Beethoven: Piano Concerto No. 5 (“Emperor”)
What is most striking about the Emperor is its size. A good deal longer than the Fifth Symphony, it approaches in breadth of form and proportion the manner of the Eroica and is surely to be placed alongside that symphony and the Fifth as a member of triumvirate that virtually defines the period. As in the Fourth Concerto, the work begins with the soloist, but here with much more flamboyance, a tactic repeated at the recapitulation and to which Beethoven makes reference again at the point of cadenza.
The orchestra ritornello consists of a succession of some five attractive thematic ideas, among which the loveliest may be the cascading eighths in the winds, answered by a staccato mirror image in the strings, just before the ritornello’s end. The pianist, despite having little new thematic material, is given strokes of great drama: the chromatic scale and long trill that overlap the final cadence of the ritornello, for example, and passage through the distant key areas. The cadenza is modest, as if to compensate for the long improvisations before, and is written out; the orchestra responds with the horn calls from the ritornello. But there is no struggle in this movement, as there is in the Fifth Symphony: “the battle,” one authority remarks, “seems to be won even before the forces have been drawn up.”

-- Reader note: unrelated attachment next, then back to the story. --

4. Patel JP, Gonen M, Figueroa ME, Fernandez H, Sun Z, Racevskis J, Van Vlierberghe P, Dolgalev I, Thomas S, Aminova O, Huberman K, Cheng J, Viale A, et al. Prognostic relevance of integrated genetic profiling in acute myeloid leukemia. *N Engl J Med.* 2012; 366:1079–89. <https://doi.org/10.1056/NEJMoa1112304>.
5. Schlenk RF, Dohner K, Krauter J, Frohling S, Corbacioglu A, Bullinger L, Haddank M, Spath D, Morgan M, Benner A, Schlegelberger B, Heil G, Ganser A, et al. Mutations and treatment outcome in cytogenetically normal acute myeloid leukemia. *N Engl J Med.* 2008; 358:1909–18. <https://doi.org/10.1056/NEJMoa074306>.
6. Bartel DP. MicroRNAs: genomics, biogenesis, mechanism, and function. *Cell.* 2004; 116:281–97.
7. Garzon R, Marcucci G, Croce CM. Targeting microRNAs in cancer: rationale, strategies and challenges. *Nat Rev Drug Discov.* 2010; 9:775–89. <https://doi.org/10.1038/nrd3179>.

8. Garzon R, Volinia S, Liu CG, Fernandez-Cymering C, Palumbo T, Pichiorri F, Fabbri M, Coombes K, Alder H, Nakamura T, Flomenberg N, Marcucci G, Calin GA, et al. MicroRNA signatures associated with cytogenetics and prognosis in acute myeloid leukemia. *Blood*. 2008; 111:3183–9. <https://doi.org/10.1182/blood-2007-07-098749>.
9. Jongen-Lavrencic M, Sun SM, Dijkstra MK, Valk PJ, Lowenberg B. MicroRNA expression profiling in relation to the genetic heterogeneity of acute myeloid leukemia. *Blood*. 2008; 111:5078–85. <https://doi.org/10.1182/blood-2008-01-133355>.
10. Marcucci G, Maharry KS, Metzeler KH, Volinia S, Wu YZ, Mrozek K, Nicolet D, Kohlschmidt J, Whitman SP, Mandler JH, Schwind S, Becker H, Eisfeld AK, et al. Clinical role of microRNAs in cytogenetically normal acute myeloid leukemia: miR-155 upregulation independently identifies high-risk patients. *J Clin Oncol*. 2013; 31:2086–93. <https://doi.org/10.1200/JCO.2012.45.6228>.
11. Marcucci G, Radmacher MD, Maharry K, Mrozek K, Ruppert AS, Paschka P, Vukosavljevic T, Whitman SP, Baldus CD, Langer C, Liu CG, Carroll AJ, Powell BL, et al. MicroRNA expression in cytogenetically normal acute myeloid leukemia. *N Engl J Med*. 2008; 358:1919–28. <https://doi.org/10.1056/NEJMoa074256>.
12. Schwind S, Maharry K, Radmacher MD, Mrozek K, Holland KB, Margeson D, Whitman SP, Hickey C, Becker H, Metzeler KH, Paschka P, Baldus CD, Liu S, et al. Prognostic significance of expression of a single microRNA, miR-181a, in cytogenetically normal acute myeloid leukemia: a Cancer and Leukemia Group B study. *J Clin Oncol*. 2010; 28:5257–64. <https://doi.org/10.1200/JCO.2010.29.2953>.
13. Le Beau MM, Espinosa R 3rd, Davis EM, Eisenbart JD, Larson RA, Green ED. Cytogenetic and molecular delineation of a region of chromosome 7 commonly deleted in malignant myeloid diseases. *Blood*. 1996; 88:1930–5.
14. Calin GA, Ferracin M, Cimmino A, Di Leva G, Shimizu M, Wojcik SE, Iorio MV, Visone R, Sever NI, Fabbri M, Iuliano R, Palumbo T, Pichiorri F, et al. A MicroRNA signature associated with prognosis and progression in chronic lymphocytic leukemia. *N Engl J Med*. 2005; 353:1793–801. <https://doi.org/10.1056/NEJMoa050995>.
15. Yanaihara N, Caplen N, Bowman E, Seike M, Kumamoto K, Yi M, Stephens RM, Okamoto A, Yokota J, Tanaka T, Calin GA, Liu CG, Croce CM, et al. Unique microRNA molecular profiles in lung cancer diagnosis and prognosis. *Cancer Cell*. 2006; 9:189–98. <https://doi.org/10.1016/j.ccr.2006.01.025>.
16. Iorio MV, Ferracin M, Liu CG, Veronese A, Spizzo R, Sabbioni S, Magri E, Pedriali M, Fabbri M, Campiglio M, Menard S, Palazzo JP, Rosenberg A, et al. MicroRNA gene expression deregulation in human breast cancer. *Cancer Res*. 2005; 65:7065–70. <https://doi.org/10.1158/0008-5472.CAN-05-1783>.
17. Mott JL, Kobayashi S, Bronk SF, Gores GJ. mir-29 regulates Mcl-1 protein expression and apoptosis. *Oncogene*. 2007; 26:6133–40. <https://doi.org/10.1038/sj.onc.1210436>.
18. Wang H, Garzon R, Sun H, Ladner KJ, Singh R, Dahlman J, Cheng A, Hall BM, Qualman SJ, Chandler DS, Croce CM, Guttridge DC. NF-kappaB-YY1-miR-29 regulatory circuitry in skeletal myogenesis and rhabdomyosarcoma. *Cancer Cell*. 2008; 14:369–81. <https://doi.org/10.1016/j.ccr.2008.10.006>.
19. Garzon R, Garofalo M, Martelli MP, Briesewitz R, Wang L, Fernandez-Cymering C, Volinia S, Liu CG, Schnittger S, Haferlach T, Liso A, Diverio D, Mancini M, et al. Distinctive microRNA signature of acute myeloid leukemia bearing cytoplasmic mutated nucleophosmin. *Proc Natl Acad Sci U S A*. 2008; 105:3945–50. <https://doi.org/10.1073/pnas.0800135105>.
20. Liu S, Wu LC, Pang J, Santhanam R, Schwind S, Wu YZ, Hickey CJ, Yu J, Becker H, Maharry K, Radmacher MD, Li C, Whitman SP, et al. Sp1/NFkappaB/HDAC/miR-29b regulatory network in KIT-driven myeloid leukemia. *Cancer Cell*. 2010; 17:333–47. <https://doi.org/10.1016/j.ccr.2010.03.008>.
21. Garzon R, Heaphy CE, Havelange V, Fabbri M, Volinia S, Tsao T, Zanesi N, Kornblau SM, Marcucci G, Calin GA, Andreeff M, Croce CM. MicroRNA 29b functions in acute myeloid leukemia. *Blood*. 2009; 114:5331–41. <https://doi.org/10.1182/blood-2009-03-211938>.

The second movement is in the distant key of B major. It is a reflective movement, willing to delay forward progress to linger over details of voicing and motive. The orchestral chorale is succeeded by new material in triplets in the piano, leading to a brief excursion into D major. But the chorale predominates, and in two successive statements, the soloist and ensemble (especially the solo winds) weave into its fabric rich textures and hues. A long pedal point begins in French horns when the bassoons sink a half-step. The soloist appears to experiment rather aimlessly with material for a rondo. Suddenly, as though having found the solution, the pianist lights out in the theme of the third movement—not so much a hunt rondo, this, as the stuff of bejeweled noblesse at play in the drawing rooms of old Vienna. The persistence of the dotted rhythmic figure propels the movement ever forward, through an expansive episode at the center. It begins to conclude by a winding down in the timpani and piano; then the fancy rolling passagework in the solo part—heard once before—introduces a last exclamation by the orchestra.
You are wondering why it is called the “Emperor Concerto.” Nobody knows for sure.